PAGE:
The US Federal Reserve has got serious on interest rates at last – thank goodness

The Fed is for real. That was the immediate verdict of the markets on Friday after the speech by Jay Powell, chair of the Federal Reserve, at the central bankers’ symposium in Jackson Hole, Wyoming.

The message was that the Fed would continue to raise interest rates and reverse quantitative easing – that ugly expression for central banks pumping money into the financial system – until inflation came back to 2 per cent. That was its “overarching focus right now,” he said, “and it would mean “maintaining a restrictive policy stance for some time”.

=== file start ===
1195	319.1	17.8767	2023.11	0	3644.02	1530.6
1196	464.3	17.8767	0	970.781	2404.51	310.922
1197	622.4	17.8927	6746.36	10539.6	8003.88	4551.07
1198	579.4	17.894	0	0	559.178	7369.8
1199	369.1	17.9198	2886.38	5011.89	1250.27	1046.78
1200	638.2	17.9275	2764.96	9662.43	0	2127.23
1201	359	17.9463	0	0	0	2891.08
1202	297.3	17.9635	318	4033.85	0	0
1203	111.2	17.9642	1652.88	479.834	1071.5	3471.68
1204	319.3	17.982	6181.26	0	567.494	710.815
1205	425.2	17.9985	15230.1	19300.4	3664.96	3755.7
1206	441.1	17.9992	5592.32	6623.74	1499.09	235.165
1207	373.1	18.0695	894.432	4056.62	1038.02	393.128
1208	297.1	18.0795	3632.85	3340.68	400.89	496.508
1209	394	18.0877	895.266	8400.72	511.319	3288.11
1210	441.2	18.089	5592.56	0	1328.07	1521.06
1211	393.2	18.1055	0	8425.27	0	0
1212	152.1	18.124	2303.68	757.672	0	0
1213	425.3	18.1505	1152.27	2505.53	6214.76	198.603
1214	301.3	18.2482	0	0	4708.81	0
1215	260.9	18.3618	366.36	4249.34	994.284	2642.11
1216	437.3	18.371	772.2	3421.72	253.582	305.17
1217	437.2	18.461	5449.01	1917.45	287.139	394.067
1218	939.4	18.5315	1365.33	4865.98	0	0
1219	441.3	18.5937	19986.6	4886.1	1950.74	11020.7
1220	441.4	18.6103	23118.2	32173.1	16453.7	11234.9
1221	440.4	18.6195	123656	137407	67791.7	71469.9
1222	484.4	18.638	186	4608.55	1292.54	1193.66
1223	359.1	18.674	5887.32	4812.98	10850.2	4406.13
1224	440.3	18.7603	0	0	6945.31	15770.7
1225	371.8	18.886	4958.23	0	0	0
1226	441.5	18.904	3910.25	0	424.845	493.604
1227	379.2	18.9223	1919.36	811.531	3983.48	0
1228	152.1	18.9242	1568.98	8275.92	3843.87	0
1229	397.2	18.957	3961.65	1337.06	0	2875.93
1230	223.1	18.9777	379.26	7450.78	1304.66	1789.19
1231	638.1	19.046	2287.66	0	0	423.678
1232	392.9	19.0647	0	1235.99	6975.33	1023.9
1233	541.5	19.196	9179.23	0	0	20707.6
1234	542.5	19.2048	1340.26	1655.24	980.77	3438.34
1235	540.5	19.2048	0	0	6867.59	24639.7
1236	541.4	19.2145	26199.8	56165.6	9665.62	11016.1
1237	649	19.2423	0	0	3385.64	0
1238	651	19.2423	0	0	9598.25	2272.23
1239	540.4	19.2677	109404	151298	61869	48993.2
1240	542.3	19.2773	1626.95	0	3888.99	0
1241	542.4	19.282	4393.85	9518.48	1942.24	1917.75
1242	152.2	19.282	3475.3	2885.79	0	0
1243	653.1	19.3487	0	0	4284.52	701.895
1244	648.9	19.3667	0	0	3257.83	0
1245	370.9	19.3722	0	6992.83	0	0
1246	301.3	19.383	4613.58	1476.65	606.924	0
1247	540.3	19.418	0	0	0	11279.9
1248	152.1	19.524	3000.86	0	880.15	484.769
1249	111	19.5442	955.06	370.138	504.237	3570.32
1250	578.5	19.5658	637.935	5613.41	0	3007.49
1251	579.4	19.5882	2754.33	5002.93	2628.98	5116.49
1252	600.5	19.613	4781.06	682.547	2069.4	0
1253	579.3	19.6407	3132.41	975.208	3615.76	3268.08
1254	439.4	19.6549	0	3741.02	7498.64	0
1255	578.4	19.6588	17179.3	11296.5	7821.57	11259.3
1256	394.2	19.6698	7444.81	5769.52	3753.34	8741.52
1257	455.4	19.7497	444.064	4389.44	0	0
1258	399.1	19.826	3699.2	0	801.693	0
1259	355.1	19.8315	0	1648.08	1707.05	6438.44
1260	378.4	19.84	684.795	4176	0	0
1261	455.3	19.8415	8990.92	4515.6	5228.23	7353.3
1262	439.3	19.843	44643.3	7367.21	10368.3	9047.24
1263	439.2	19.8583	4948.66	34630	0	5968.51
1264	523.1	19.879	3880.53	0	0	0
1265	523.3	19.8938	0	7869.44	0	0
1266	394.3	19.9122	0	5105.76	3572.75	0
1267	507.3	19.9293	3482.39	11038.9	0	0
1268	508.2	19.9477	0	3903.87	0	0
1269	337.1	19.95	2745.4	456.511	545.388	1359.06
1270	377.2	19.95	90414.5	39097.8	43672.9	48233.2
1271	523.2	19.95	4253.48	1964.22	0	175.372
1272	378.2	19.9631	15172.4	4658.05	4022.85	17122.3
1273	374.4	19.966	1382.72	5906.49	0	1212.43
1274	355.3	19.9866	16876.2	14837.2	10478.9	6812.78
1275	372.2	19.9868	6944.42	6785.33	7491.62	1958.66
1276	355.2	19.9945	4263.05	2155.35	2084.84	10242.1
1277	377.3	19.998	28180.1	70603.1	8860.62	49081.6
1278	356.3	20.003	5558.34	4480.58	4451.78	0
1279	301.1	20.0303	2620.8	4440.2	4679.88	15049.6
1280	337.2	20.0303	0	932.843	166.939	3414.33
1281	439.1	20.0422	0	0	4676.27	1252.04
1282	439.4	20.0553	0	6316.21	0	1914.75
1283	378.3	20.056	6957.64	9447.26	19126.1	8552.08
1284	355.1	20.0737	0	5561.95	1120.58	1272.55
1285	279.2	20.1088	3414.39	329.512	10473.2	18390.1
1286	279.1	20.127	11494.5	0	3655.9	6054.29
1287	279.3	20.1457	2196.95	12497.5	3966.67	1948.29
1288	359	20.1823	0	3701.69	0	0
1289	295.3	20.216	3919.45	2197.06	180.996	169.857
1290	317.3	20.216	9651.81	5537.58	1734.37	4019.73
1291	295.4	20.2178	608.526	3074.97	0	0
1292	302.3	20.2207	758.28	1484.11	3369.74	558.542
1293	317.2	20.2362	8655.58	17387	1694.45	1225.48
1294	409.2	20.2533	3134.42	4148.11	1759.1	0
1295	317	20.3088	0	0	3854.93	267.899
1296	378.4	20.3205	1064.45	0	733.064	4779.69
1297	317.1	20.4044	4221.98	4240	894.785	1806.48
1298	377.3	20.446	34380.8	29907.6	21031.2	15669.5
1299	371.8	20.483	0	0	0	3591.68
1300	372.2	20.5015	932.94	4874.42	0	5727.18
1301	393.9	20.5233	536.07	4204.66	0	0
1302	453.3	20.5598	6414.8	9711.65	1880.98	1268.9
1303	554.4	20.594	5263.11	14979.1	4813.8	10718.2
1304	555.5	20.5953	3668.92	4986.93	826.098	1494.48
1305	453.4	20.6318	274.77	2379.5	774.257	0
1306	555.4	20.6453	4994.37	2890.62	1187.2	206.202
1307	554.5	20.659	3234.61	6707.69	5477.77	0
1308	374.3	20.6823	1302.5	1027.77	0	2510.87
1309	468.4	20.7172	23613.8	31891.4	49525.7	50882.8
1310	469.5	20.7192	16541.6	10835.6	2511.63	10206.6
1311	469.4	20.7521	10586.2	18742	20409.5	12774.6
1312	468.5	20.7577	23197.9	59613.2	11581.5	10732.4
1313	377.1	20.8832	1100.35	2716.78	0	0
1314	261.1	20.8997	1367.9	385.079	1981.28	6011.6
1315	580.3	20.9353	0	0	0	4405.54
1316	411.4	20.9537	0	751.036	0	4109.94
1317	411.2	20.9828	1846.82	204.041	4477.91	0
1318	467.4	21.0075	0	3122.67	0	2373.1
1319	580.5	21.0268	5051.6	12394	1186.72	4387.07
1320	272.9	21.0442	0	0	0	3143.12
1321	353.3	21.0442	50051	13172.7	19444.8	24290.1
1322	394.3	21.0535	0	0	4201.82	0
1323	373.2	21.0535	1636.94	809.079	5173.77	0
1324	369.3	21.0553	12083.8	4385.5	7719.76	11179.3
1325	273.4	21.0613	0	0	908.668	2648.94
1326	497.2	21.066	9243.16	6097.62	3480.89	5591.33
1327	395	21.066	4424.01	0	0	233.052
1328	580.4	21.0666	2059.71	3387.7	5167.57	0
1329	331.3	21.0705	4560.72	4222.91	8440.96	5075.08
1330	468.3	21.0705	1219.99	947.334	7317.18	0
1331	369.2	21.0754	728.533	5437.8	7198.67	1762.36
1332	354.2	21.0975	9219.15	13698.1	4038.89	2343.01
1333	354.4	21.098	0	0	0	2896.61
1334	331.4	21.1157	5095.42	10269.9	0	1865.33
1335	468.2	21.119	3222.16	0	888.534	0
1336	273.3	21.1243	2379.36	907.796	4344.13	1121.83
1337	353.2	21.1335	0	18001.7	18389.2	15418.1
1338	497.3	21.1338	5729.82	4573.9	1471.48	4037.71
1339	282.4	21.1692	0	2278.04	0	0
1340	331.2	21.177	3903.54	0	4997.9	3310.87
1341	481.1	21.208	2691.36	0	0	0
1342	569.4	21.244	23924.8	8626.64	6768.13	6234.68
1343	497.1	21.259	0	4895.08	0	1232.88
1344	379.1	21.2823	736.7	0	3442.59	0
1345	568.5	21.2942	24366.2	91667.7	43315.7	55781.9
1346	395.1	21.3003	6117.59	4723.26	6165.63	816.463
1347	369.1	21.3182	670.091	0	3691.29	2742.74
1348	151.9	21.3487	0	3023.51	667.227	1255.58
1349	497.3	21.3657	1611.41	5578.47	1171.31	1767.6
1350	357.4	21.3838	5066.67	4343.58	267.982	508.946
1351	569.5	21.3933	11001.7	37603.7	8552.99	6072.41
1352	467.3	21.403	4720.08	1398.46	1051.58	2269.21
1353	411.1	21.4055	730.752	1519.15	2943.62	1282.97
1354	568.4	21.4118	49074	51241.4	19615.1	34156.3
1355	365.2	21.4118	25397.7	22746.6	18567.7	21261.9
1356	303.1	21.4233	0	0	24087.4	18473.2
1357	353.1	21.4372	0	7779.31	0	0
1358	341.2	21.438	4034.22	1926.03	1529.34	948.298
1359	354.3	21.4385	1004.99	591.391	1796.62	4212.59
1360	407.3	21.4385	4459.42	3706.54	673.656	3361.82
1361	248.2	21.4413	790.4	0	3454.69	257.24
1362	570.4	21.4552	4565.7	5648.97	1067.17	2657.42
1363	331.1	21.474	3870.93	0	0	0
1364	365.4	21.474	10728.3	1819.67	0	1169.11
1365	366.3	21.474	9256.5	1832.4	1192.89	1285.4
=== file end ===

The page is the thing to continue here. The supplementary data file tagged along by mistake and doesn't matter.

You might think that was anodyne stuff, but the markets had been hoping that there would be some signal that if the US economy tanked, the Fed would ease up. There wasn’t, and the S&P 500 index fell by 3 per cent. Now, with all markets, these short-term swings merely reflect how traders had positioned themselves. I think we should wait until after next weekend’s Labour Day holiday, to figure out what the Fed really means. Then we can make sensible guesses about what will happen through the autumn. Meanwhile, here are my half-down top takeaways.

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